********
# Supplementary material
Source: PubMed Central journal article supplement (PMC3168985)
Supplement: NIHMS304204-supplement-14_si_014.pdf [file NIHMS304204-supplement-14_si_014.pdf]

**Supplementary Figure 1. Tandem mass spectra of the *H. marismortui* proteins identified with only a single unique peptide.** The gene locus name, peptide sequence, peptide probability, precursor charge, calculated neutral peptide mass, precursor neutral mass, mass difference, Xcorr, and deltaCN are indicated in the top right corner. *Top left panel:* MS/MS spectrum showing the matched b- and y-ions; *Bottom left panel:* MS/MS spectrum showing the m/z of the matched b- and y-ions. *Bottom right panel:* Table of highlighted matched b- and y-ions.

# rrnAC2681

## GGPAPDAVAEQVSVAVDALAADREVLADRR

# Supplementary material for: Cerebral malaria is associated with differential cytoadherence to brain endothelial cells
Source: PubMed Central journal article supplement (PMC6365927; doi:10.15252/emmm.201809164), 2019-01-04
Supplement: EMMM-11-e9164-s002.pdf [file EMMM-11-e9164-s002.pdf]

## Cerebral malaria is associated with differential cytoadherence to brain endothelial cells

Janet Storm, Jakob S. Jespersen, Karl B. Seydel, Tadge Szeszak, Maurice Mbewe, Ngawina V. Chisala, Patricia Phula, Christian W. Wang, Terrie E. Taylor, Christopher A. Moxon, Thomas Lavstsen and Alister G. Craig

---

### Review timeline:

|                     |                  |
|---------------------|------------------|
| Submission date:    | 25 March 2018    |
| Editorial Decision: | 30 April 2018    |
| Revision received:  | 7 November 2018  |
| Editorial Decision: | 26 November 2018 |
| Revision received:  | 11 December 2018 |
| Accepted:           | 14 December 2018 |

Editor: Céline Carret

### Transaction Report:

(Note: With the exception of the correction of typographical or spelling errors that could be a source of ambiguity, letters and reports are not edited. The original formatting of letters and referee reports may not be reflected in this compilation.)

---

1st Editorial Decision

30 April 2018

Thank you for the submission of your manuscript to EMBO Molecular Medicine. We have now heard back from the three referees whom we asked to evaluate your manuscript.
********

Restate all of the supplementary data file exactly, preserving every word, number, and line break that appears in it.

# Supplementary material
Source: PubMed Central journal article supplement (PMC3168985)
Supplement: NIHMS304204-supplement-14_si_014.pdf [file NIHMS304204-supplement-14_si_014.pdf]

**Supplementary Figure 1. Tandem mass spectra of the *H. marismortui* proteins identified with only a single unique peptide.** The gene locus name, peptide sequence, peptide probability, precursor charge, calculated neutral peptide mass, precursor neutral mass, mass difference, Xcorr, and deltaCN are indicated in the top right corner. *Top left panel:* MS/MS spectrum showing the matched b- and y-ions; *Bottom left panel:* MS/MS spectrum showing the m/z of the matched b- and y-ions. *Bottom right panel:* Table of highlighted matched b- and y-ions.

# rrnAC2681

## GGPAPDAVAEQVSVAVDALAADREVLADRR

# Supplementary material for: Cerebral malaria is associated with differential cytoadherence to brain endothelial cells
Source: PubMed Central journal article supplement (PMC6365927; doi:10.15252/emmm.201809164), 2019-01-04
Supplement: EMMM-11-e9164-s002.pdf [file EMMM-11-e9164-s002.pdf]

## Cerebral malaria is associated with differential cytoadherence to brain endothelial cells

Janet Storm, Jakob S. Jespersen, Karl B. Seydel, Tadge Szeszak, Maurice Mbewe, Ngawina V. Chisala, Patricia Phula, Christian W. Wang, Terrie E. Taylor, Christopher A. Moxon, Thomas Lavstsen and Alister G. Craig

---

### Review timeline:

|                     |                  |
|---------------------|------------------|
| Submission date:    | 25 March 2018    |
| Editorial Decision: | 30 April 2018    |
| Revision received:  | 7 November 2018  |
| Editorial Decision: | 26 November 2018 |
| Revision received:  | 11 December 2018 |
| Accepted:           | 14 December 2018 |

Editor: Céline Carret

### Transaction Report:

(Note: With the exception of the correction of typographical or spelling errors that could be a source of ambiguity, letters and reports are not edited. The original formatting of letters and referee reports may not be reflected in this compilation.)

---

1st Editorial Decision

30 April 2018

Thank you for the submission of your manuscript to EMBO Molecular Medicine. We have now heard back from the three referees whom we asked to evaluate your manuscript.